The use of cell salvage is recommended when it can be expected to reduce the likelihood of allogeneic (donor) red cell transfusion and/or severe postoperative anaemia. We support and encourage a continued increase in the appropriate use of peri‐operative cell salvage and we recommend that it should be available for immediate use 24 h a day in any hospital undertaking surgery where blood loss is a recognised potential complication (other than minor/day case procedures).
- The use of cell salvage is recommended when it can be expected to reduce the likelihood of allogeneic (donor) red cell transfusion and/or severe postoperative anaemia.
- We recommend that cell salvage equipment and staff trained to operate it be immediately available 24 h a day in hospitals undertaking surgery where blood loss is a recognised complication.
- Collection of blood for potential cell salvage (‘collect only’ mode) should be considered for surgical procedures where blood loss may exceed 500 ml (or > 10% of calculated total blood volume) in adult patients, or > 8 ml.kg−1 (> 10% of calculated total blood volume) in children weighing > 10 kg.
- Each hospital should have both a nominated clinical lead and a coordinator for cell salvage, who oversee a competence‐based training programme for all involved staff, along with ongoing data collection and audit.
- When the use of cell salvage is proposed in surgery for malignancy or infection, an explanation should be given to the patient of the potential risks and benefits and specific consent should be obtained.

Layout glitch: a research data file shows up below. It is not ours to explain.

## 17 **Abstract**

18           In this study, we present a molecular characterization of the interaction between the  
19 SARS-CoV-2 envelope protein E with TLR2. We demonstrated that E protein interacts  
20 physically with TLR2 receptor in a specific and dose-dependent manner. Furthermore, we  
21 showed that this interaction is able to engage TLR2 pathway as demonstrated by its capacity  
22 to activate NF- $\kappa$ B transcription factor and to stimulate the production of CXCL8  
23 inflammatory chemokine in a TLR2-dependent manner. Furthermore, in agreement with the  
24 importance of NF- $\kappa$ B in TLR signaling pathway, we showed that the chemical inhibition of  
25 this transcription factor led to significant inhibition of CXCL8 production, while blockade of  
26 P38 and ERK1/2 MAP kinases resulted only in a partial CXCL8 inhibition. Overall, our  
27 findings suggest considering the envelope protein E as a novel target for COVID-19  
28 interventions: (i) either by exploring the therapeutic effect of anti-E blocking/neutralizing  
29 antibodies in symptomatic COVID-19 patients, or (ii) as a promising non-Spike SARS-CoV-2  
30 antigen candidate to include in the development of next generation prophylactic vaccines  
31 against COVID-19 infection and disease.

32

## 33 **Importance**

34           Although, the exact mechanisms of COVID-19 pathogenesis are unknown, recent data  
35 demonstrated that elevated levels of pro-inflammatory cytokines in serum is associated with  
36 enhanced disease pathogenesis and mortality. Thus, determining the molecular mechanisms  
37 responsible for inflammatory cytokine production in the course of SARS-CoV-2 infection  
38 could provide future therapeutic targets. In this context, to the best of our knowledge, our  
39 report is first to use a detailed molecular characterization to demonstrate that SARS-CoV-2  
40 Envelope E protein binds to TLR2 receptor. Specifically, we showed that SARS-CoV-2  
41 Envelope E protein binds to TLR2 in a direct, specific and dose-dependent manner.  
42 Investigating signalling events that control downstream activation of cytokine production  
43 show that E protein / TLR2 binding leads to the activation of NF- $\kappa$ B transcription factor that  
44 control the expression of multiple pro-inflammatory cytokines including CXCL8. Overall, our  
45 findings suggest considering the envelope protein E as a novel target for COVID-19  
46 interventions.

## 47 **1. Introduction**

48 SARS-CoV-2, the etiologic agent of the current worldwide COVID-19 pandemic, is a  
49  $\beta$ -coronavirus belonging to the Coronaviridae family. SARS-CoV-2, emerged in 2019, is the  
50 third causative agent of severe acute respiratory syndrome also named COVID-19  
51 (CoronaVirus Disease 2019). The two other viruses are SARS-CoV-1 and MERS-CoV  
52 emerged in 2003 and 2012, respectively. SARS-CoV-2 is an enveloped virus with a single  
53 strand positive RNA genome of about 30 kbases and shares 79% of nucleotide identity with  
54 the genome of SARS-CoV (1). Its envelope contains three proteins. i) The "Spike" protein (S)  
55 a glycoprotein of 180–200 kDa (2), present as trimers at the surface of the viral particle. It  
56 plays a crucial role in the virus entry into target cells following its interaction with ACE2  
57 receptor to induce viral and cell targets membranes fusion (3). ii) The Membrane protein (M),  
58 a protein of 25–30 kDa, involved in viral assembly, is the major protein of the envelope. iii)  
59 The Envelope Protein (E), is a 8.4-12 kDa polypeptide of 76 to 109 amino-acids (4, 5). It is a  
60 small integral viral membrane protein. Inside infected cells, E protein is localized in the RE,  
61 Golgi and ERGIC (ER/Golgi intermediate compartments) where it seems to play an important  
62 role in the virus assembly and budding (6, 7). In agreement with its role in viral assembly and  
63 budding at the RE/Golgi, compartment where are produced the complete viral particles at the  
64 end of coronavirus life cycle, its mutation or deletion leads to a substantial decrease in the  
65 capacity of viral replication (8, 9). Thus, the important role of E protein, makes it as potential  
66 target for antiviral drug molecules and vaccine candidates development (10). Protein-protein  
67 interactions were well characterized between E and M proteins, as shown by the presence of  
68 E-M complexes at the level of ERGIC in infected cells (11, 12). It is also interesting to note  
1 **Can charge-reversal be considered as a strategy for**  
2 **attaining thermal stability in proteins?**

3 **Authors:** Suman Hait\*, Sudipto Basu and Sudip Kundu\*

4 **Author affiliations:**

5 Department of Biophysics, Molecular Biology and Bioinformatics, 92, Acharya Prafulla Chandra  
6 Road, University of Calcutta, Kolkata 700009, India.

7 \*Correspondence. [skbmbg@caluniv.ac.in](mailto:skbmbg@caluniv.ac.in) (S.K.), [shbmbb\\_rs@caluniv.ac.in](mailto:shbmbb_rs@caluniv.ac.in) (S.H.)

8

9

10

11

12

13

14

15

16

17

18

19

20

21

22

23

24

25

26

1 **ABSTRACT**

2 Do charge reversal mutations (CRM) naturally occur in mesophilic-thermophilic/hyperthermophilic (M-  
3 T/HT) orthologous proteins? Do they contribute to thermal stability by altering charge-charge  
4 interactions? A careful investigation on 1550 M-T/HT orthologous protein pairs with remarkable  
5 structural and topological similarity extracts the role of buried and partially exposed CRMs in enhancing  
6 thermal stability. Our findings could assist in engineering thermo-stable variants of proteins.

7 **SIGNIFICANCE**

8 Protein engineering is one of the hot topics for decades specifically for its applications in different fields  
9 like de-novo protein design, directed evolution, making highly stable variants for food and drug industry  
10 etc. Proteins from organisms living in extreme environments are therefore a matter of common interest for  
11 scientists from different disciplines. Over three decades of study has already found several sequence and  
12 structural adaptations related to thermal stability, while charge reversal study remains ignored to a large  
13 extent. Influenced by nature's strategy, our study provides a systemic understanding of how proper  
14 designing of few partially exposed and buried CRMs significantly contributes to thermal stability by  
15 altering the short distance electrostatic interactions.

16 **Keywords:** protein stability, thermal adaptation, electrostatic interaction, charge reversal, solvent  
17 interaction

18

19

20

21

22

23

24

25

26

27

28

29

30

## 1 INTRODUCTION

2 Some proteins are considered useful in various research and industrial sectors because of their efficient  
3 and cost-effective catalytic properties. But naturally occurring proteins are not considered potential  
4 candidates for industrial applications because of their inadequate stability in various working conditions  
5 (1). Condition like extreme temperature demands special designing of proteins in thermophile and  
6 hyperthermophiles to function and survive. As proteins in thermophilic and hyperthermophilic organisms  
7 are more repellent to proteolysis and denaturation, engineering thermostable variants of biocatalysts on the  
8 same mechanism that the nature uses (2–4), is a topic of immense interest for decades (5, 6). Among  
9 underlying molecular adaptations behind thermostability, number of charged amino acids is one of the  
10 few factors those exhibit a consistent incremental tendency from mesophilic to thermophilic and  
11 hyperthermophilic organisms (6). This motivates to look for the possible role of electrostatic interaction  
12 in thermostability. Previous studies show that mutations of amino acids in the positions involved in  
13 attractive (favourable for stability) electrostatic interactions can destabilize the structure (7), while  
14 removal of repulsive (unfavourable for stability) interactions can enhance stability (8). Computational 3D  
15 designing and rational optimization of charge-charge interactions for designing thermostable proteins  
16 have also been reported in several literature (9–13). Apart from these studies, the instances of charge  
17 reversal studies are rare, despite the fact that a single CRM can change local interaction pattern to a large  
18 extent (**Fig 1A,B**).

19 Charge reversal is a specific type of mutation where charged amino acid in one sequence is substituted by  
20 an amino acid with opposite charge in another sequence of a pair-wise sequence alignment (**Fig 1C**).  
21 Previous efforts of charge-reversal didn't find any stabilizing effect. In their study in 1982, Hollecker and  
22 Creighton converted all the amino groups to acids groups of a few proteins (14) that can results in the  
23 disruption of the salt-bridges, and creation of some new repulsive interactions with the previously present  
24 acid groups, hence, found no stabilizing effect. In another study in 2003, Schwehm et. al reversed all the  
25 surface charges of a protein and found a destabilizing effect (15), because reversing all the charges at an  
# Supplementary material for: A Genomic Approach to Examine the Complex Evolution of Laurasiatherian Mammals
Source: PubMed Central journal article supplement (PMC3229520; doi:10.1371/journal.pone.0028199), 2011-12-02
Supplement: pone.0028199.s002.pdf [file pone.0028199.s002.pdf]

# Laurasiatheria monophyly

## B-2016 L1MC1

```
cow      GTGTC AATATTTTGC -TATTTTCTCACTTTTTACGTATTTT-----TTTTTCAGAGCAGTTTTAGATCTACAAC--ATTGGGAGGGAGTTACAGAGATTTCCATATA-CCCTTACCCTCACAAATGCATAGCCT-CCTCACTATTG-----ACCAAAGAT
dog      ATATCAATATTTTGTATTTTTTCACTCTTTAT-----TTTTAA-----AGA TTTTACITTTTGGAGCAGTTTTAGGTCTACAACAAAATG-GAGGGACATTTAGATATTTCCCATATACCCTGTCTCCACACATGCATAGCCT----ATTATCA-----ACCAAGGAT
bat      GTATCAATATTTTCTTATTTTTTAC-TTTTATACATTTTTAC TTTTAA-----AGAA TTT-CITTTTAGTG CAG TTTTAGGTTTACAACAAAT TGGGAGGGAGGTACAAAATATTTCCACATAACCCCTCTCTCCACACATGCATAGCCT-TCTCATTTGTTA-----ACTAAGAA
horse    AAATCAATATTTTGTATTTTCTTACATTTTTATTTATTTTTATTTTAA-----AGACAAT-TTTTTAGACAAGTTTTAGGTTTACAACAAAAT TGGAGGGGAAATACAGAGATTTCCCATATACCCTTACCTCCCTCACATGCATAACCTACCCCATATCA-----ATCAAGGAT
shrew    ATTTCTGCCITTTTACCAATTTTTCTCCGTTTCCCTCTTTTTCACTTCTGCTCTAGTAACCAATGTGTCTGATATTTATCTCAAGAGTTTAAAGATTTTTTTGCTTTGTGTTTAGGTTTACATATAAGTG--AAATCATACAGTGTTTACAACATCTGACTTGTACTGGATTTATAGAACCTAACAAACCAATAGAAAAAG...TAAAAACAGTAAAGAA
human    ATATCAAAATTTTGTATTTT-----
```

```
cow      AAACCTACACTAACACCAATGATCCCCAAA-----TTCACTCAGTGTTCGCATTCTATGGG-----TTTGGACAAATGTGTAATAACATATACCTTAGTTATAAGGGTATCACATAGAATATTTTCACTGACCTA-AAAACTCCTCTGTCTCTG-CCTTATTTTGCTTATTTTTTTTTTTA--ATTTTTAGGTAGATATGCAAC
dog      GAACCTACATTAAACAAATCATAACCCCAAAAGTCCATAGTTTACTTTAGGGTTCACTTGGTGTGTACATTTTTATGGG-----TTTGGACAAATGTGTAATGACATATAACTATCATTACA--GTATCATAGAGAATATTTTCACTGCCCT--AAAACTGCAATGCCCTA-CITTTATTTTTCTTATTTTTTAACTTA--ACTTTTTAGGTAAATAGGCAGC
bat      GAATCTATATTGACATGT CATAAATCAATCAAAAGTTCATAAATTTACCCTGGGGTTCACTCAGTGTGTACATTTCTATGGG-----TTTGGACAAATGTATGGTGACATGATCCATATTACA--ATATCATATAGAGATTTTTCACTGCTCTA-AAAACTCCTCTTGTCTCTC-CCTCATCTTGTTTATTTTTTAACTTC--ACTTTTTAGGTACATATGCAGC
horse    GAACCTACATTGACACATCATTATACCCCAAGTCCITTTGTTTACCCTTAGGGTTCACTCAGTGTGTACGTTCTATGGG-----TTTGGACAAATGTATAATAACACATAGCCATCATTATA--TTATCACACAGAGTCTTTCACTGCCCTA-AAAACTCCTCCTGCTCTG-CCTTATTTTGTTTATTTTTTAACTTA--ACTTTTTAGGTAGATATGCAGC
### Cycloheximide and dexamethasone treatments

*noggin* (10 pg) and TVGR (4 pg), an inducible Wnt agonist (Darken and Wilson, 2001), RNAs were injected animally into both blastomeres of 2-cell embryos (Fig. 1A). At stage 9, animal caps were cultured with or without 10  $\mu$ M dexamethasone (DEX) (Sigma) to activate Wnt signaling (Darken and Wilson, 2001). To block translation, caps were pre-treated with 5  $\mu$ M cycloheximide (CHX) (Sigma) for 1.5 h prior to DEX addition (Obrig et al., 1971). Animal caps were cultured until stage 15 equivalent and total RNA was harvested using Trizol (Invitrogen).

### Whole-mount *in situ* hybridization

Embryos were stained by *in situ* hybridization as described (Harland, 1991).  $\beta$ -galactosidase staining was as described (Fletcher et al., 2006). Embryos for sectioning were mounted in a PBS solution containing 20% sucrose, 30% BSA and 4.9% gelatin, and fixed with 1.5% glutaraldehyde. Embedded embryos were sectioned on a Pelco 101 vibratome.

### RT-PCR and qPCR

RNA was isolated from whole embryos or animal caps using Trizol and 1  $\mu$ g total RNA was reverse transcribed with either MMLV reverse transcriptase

- The use of leucodepletion filters should be considered during re‐infusion of salvaged blood in cancer surgery and when blood is salvaged from an infected surgical field. There is mixed evidence of the benefit of leucocyte depletion filters in obstetrics.
- Current evidence does not support the routine use of cell salvage during caesarean section. Cell salvage should be considered in the ‘collect only’ mode in women undergoing caesarean section who are anaemic before surgery, in women anticipated to be at high risk of haemorrhage or if unanticipated bleeding develops during surgery.
What other guideline statements are available on this topic?
These guidelines update previous Association of Anaesthetists guidelines on intra‐operative cell salvage published in 2009. The National Institute for Health and Care Excellence (NICE) published guidelines for intra‐operative cell salvage in obstetrics in 2005 and in urology in 2008. The UK Cell Salvage Action Group has published guidance and other resources. In Australia, the National Blood Authority has published relevant guidance. Most recently, the NICE transfusion guidelines refer to cell salvage.
Why were these guidelines developed?
These guidelines were developed to inform, support and encourage the appropriate increased use of cell salvage as part of a blood conservation (Patient Blood Management) programme.
How and why does this statement differ from existing guidelines?
This guideline recommends wider use of cell salvage, and recommends that cell salvage should be universally available in hospitals performing major surgery.